Create a Model Evaluation Job – Select the evaluation method (automatic or human), select one of the available foundation models, choose a task type, and choose the evaluation metrics. You can choose accuracy, robustness, and toxicity for an automatic evaluation, or any desired metrics (friendliness, style, and adherence to brand voice, for example) for a human evaluation. If you choose a human evaluation, you can use your own work team or you can opt for an AWS-managed team. There are four built-in task types, as well as a custom type (not shown):

After you select the task type you choose the metrics and the datasets that you want to use to evaluate the performance of the model. For example, if you select Text classification, you can evaluate accuracy and/or robustness with respect to your own dataset or a built-in one:

As you can see above, you can use a built-in dataset, or prepare a new one in JSON Lines (JSONL) format. Each entry must include a prompt and can include a category. The reference response is optional for all human evaluation configurations and for some combinations of task types and metrics for automatic evaluation:

  "prompt" : "Bobigny is the capitol of",
  "referenceResponse" : "Seine-Saint-Denis",
  "category" : "Capitols"

You (or your local subject matter experts) can create a dataset that uses customer support questions, product descriptions, or sales collateral that is specific to your organization and your use case. The built-in datasets include Real Toxicity, BOLD, TREX, WikiText-2, Gigaword, BoolQ, Natural Questions, Trivia QA, and Women’s Ecommerce Clothing Reviews. These datasets are designed to test specific types of tasks and metrics, and can be chosen as appropriate.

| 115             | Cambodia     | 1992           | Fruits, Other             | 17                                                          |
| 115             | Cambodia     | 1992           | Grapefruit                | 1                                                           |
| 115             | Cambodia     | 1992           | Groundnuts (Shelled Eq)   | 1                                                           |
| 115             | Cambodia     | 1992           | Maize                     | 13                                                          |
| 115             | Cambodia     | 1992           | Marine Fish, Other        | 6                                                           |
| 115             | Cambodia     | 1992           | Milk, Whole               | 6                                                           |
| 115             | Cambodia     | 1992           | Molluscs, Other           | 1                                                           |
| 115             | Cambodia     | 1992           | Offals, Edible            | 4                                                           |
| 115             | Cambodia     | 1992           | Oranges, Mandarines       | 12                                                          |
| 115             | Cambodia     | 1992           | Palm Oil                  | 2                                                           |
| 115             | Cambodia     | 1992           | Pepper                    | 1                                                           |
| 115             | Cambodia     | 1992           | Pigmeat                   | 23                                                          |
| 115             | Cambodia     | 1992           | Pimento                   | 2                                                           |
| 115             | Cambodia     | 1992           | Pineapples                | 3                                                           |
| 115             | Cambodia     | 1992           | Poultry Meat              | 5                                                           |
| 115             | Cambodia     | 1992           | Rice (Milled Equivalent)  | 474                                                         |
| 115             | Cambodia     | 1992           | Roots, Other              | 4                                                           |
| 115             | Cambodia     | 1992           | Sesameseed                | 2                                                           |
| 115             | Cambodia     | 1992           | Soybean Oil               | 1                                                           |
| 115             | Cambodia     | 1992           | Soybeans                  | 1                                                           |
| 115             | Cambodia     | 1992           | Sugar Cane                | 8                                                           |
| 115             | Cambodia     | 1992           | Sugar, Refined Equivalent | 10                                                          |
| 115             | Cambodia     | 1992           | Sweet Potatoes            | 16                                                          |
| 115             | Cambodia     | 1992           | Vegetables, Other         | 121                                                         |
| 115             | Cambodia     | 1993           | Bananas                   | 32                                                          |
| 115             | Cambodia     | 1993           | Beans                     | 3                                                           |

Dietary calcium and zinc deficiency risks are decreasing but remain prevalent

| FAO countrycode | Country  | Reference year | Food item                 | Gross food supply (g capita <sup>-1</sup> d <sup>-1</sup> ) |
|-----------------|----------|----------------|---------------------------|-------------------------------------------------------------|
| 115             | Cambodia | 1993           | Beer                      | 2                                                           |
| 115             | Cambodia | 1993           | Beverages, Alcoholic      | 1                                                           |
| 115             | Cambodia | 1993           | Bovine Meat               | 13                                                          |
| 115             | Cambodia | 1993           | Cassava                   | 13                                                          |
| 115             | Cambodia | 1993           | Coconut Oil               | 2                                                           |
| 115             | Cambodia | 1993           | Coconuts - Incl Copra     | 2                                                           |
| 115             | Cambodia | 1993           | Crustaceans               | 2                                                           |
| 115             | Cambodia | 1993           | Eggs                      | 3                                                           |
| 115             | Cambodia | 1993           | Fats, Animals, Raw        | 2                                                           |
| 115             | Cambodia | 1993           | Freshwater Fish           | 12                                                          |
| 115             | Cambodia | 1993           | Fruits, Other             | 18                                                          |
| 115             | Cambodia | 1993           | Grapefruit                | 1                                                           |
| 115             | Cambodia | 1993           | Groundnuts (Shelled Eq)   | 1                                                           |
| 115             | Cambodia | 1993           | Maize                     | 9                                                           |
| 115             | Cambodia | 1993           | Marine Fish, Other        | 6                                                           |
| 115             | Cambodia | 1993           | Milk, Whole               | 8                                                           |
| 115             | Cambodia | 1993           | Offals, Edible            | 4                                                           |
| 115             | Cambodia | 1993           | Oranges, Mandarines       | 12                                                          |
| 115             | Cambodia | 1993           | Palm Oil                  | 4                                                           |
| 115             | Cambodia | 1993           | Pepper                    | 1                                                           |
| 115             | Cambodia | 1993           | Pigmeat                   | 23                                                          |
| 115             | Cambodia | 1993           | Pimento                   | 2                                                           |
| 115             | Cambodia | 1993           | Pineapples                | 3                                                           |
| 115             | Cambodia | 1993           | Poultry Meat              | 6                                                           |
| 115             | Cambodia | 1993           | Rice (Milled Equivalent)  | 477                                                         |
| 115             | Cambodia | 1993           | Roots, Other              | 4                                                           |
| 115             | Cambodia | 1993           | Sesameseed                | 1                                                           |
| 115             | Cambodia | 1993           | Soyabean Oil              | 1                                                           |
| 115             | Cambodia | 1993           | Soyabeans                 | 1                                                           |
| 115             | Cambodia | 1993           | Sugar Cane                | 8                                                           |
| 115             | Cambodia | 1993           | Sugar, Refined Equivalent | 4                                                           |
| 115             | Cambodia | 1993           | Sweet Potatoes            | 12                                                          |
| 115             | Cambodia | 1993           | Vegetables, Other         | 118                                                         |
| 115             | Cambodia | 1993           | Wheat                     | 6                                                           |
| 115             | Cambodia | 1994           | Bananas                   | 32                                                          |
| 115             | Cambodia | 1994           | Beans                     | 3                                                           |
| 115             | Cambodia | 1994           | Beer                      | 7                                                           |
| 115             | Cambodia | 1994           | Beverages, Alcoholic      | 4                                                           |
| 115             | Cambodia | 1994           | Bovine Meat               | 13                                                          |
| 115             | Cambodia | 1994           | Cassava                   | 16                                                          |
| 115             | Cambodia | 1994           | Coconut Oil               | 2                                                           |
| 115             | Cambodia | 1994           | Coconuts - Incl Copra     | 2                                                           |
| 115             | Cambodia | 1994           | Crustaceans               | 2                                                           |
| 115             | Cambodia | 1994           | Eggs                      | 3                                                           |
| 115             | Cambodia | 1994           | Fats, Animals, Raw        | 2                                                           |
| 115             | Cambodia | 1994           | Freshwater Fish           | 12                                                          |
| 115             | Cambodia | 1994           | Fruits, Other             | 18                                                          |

Run Model Evaluation Job – Start the job and wait for it to complete. You can review the status of each of your model evaluation jobs from the console, and can also access the status using the new GetEvaluationJob API function:

Retrieve and Review Evaluation Report – Get the report and review the model’s performance against the metrics that you selected earlier. Again, refer to Antje’s post for a detailed look at a sample report.